modernized data-driven

5 tips to harvest the value of a modernized data-driven Supply Chain 

Alis Hinrichsen
Alis Sindbjerg
Hinrichsen
Thought Leader & Strategic Advisor

Covid-19, labor shortages, and disruptions, in general, have created global Supply Chain nightmares and revealed a need to modernize the Supply Chain with modern technologies and data-driven approaches, especially within the planning area. The utilization of AI and machine learning is helping to modernize the Supply Chain. More can though be done. A recent report is stating that only 8% (1) of the companies are able to mitigate Supply Chain disruptions due to their maturity.
The key question is: How does the leader succeed with technology and a data-driven approach when maturity is low?

Cultural change is critical

Companies and Supply Chains have been working to become more data-driven for many years. Some have done this with mixed results. Everyone understands by now that those that are able to utilize data to make more informed decisions will stand out in the competition compared to those who do not.
The biggest challenge for organizations working on their data-driven approach might not have to do with technology at all. Cultural change is the most critical business imperative. Becoming data-driven is about the ability of people and organizations to adapt to change.
Long-established companies, which have been successful over generations or centuries, are unlikely to change overnight. Becoming data-driven represents a business transformation that is playing out over the course of a generation.

Barriers to becoming data-driven

Achieving data-driven leadership remains an aspiration for most organizations — just 26.5% of organizations report having established a data-driven organization (1). Second, becoming data-driven requires an organizational focus on cultural change. According to the report, 91.9% of executives cite cultural obstacles as the greatest barrier to becoming data-driven.

1. Understand the stakeholders

It is not a technology issue. It is a people challenge. The task of being data-driven keeps getting harder. Today, companies encounter vast new volumes of data, as well as new sources of data. Data cuts across traditional organizational boundaries, often without clear ownership. The fluidity of data compounds the complexity of managing this asset in a way that consistently delivers business value.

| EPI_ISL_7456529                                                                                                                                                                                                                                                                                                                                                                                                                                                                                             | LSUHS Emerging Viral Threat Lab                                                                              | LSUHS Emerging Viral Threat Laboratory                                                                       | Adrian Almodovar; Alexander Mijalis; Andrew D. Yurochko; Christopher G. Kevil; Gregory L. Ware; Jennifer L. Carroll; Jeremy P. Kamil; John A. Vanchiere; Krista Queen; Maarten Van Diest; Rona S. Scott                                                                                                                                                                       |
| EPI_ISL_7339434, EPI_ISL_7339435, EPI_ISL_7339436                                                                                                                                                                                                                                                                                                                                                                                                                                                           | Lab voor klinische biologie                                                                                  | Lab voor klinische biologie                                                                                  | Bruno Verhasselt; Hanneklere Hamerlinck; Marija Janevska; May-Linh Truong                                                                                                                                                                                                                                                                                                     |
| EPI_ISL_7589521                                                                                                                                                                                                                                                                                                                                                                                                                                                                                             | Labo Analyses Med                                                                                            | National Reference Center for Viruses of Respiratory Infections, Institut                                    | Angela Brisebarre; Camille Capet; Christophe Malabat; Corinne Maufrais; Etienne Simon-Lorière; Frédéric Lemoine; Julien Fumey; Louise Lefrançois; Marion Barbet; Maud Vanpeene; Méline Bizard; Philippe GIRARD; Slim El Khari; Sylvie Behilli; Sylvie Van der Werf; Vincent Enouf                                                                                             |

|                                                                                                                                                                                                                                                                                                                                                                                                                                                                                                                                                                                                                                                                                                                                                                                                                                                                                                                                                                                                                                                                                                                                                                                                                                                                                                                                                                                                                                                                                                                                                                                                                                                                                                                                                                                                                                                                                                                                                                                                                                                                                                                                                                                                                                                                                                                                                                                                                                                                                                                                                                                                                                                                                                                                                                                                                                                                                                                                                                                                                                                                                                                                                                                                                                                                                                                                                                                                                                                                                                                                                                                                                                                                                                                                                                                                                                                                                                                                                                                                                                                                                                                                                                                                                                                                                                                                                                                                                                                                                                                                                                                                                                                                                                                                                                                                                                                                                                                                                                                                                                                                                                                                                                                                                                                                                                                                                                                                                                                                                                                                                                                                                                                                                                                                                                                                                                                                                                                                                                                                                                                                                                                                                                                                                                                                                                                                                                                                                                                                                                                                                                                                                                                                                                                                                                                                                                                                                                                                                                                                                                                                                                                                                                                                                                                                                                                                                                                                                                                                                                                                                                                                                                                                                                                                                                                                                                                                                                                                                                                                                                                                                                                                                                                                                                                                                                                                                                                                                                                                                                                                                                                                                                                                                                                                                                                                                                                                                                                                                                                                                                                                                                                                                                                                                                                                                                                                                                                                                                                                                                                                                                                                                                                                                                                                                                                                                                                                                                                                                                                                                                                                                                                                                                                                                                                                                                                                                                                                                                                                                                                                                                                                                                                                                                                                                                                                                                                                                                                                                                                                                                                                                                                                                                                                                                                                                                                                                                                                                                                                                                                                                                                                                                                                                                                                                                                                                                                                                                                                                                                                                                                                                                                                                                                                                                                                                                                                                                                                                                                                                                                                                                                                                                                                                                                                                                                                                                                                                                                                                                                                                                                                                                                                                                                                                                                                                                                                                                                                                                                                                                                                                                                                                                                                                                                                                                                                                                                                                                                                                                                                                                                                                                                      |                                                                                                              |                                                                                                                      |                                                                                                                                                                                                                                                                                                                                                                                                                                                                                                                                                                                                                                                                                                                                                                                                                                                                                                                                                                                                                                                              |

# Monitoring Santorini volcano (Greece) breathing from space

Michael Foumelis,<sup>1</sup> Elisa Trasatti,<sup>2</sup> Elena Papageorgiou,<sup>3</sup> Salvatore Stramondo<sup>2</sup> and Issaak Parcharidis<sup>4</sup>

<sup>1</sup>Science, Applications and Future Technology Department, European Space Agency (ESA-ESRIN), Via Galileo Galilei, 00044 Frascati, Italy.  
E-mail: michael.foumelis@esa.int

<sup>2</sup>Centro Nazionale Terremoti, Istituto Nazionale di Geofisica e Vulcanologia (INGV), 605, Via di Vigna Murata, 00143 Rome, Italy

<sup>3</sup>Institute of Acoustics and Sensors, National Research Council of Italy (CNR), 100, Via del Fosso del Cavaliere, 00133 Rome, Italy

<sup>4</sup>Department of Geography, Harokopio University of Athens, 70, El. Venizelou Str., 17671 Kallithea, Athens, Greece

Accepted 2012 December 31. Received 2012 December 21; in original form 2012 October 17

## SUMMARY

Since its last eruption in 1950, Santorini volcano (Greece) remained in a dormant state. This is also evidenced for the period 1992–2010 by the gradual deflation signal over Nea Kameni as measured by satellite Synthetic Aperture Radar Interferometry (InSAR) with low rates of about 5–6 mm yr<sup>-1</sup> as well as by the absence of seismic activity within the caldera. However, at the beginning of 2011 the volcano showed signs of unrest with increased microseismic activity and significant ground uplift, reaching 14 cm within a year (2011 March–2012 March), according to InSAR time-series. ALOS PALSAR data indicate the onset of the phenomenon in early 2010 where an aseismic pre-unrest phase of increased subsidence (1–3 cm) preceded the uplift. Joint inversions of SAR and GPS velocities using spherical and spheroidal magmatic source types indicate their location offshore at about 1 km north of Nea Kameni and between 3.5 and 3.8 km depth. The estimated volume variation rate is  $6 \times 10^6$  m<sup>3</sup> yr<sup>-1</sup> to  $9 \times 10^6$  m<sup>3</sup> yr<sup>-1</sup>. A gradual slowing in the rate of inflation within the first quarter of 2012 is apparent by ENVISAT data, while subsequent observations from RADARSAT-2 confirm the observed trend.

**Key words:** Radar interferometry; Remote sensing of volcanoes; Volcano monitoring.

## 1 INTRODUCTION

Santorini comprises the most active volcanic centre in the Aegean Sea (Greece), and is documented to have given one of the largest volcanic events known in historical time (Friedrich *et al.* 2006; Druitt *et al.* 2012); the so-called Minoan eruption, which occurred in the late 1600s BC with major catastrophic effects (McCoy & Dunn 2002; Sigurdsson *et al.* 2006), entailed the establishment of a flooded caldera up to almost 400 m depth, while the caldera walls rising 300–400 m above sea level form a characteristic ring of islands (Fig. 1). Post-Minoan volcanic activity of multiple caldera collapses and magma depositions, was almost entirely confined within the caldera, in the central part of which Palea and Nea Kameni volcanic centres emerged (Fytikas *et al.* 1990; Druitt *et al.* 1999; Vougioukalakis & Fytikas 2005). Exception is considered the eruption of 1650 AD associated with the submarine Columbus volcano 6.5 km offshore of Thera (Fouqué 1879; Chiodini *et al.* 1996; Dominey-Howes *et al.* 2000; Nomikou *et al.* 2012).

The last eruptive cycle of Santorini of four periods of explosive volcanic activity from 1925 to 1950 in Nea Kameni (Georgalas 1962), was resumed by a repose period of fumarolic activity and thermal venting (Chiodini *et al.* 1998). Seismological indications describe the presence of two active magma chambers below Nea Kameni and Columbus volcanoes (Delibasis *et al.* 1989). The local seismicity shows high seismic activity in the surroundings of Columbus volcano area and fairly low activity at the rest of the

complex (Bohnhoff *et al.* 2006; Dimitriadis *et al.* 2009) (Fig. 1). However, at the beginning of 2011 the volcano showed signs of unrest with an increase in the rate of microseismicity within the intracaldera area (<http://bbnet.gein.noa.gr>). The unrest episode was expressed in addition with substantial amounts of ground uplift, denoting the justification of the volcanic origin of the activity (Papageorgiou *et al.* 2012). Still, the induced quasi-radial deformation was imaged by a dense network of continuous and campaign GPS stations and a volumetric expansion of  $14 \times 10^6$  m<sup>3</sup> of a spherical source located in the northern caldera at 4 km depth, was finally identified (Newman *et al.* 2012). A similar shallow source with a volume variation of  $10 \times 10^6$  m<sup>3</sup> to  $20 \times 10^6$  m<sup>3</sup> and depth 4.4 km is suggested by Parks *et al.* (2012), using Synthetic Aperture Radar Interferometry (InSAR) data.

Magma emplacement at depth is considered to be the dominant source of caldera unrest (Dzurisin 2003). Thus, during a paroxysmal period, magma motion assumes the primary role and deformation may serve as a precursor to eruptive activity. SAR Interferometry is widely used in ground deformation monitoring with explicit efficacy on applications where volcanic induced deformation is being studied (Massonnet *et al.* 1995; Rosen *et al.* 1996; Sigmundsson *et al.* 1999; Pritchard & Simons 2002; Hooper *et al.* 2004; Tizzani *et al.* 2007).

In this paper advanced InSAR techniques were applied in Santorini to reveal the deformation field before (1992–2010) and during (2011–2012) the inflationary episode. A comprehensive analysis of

2. Adopt a new mental mindset

Becoming a data-driven organization is a journey, which unfolds over time, measured in years, and sometimes decades. Becoming data-driven requires a different mindset. Organizations must be prepared to think differently. There is no shortage of analytic algorithms. These need to be matched by critical thinking, human judgment, as well as creative innovation.


3. Fail fast, learn faster

Leaders must understand that individuals and organizations learn through experience, which often entails trial and error. It has been said that failure is a foundation of innovation. Companies that are prepared for faster iterative learning — fail fast, learn faster — will gain insight and knowledge before their competitors.

4. Focus on the long-term

Data leaders appreciate that the data journey is a transformation effort that unfolds over time. Becoming data-driven is a process. The French writer Voltaire famously said, “Perfect is the enemy of good.” (2) Perfection is rarely achievable. Data-driven companies recognize that success is achieved iteratively. Successful organizations expect to be at this for a while. They focus on the long-term.

As many as 85% of companies want to have a digital Supply Chain in place within five years. But companies’ roadmaps often only have a three-year horizon. And all the disruptions of the past few years have only intensified the short-term focus (3).

5. Decide whether it is optimization or transformation

Many companies confuse digital optimization with digital transformation. As an example of digital optimization, you have retailers which implement technologies where you can shop without physically having to pay at checkout. Instead, smart technology registers what they take off the shelves and the amount is debited automatically. This is not a new business model, so it’s not a digital transformation.

Companies that enable consumers to use an app to order groceries for home delivery have introduced a new value proposition that can help them to attract new customers. This could even be linked to a new revenue model, such as a subscription. This is indeed a new business model, and it also has a major impact on the Supply Chain. The key question here is, what do you want to achieve – digital optimization or digital transformation?

New technologies can help to reduce costs because they allow for example planners to create a schedule faster. They can also be used to improve the quality of decisions or to plan things that were impossible to plan in the past. The key thing to do though is to determine where you currently stand in terms of maturity and which steps you need to take to improve it.

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